Competition over territory and natural resources often leads to social conflict. This course focuses on the ways power dynamics shape landscapes, cause conflict, and exacerbate problems of ecological scarcity and degradation. Historical and ethnographic case studies illuminate the ways environmental conflicts have been framed by policymakers, social scientists, and people on the ground. These include, for example, the forceful displacement of Native Americans for the creation of national parks in the United States, the seizure of African savannah by British colonialists for large-game hunting preserves, the delimitation of rain forest by states and NGOs for biodiversity protection and ecotourism, and the enforcement of international bans against killing endangered species in regions where poverty is acute. Texts explore influential theories of environmental conflict, such as the "tragedy of the commons," scarcity-induced violence, political ecology, postcolonial mindsets, and overpopulation, as well as scholarly critiques of these perspectives.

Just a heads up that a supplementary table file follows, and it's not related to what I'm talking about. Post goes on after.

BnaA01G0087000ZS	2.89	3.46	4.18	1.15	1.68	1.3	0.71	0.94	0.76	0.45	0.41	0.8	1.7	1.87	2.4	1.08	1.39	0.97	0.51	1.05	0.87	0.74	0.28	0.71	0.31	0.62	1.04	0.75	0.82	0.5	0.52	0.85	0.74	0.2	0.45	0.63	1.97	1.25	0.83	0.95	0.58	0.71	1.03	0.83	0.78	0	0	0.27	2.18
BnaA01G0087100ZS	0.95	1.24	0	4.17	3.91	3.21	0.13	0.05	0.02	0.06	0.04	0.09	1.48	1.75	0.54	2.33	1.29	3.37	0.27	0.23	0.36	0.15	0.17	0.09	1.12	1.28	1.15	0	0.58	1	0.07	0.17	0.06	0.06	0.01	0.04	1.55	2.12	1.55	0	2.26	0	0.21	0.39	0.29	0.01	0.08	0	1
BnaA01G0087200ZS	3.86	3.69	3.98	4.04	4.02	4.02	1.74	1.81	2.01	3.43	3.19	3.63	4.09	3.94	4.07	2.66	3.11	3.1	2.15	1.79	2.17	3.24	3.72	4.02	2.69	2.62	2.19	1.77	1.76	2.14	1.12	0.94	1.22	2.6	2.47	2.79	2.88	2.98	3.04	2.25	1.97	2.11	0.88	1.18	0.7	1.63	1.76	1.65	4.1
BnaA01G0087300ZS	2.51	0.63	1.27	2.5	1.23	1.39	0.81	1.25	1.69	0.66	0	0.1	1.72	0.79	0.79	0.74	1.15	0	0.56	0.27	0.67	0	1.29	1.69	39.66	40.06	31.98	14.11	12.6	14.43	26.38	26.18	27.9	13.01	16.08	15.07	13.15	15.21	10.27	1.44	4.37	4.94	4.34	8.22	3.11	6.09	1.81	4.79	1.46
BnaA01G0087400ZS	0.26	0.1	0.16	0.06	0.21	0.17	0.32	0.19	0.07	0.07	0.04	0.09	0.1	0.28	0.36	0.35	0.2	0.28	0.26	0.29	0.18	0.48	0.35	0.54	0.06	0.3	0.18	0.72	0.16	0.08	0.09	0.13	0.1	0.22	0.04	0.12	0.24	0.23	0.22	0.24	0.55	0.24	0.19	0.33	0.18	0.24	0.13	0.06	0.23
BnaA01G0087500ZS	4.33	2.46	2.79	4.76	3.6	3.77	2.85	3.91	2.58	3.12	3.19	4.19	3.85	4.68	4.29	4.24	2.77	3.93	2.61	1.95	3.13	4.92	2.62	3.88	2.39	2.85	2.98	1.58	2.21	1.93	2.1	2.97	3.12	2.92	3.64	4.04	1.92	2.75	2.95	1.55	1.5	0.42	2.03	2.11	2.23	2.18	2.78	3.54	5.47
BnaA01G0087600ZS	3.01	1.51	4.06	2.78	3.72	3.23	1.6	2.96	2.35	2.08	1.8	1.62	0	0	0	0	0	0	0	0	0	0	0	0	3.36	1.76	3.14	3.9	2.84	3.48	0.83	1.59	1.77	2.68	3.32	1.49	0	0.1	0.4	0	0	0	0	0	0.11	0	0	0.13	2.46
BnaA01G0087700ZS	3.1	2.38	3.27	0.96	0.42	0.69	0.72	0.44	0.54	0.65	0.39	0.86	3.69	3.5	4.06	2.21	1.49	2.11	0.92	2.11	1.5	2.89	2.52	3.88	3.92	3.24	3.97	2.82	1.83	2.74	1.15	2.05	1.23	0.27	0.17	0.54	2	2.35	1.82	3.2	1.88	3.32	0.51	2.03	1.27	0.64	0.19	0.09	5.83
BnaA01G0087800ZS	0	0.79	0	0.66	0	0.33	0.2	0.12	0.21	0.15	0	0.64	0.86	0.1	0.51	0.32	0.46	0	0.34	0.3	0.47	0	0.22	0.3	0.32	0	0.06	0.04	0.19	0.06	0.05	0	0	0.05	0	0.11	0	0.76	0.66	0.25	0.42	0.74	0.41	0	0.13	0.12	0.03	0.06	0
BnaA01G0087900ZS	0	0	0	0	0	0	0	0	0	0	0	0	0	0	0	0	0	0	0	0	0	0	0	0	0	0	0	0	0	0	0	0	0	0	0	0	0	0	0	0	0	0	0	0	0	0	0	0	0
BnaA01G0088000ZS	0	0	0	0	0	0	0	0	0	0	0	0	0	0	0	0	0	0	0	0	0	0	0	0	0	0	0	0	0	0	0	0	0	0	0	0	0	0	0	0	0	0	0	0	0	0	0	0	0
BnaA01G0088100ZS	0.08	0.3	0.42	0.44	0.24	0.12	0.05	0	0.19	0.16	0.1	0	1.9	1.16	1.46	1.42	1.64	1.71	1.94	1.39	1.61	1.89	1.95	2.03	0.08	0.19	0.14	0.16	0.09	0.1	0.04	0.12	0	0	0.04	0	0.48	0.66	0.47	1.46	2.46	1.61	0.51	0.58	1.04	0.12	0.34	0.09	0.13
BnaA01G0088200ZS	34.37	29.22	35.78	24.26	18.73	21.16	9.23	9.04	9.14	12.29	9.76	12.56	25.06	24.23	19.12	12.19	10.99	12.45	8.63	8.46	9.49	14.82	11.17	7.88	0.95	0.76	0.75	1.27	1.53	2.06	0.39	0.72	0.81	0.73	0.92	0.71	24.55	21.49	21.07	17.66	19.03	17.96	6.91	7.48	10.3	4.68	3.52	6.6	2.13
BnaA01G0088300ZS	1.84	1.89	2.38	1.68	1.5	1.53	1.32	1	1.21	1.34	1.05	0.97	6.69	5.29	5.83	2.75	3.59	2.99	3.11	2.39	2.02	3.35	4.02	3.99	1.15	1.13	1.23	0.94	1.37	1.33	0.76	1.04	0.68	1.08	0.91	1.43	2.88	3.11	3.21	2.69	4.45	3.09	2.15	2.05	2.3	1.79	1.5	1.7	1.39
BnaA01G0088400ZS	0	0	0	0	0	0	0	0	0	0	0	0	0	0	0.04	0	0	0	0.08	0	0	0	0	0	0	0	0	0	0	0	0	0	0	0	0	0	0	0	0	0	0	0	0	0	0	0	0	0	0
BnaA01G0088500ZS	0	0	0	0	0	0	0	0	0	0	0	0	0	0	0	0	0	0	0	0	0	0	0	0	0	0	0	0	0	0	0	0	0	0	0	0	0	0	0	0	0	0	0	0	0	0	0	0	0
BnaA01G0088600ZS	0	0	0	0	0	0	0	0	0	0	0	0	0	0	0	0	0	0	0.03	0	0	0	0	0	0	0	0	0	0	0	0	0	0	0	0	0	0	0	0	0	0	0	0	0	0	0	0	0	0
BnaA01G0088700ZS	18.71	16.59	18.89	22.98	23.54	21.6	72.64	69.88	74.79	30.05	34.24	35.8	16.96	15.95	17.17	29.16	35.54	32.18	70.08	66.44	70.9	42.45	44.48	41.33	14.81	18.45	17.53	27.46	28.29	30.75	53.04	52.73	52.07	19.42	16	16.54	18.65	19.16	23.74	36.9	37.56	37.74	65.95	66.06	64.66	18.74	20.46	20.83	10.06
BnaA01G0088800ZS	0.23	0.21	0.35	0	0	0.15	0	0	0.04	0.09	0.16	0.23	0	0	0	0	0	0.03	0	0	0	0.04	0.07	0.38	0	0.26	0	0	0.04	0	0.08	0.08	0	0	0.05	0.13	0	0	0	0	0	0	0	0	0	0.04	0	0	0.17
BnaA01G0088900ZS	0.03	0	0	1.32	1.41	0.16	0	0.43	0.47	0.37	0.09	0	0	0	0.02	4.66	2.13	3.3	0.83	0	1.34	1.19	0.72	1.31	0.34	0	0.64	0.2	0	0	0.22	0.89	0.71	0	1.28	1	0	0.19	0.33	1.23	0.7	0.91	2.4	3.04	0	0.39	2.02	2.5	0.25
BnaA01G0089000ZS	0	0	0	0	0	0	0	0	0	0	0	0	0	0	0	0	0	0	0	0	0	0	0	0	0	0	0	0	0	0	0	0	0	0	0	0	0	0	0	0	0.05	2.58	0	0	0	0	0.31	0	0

Policymaking in the American Political System – 26:790:501
This course is designed to expose students to various characteristics of policymaking in the American political system. Relying broadly, but not limited to, political science research, we will examine some of the political institutions and key actors that develop American public policy. We will consider several venues for policymaking – including agenda setting, legislation, and interest group activity – and examine how political institutions shape and constrain policymaking at the local, state, and national level.
Global Environmental Issues – 26:790:538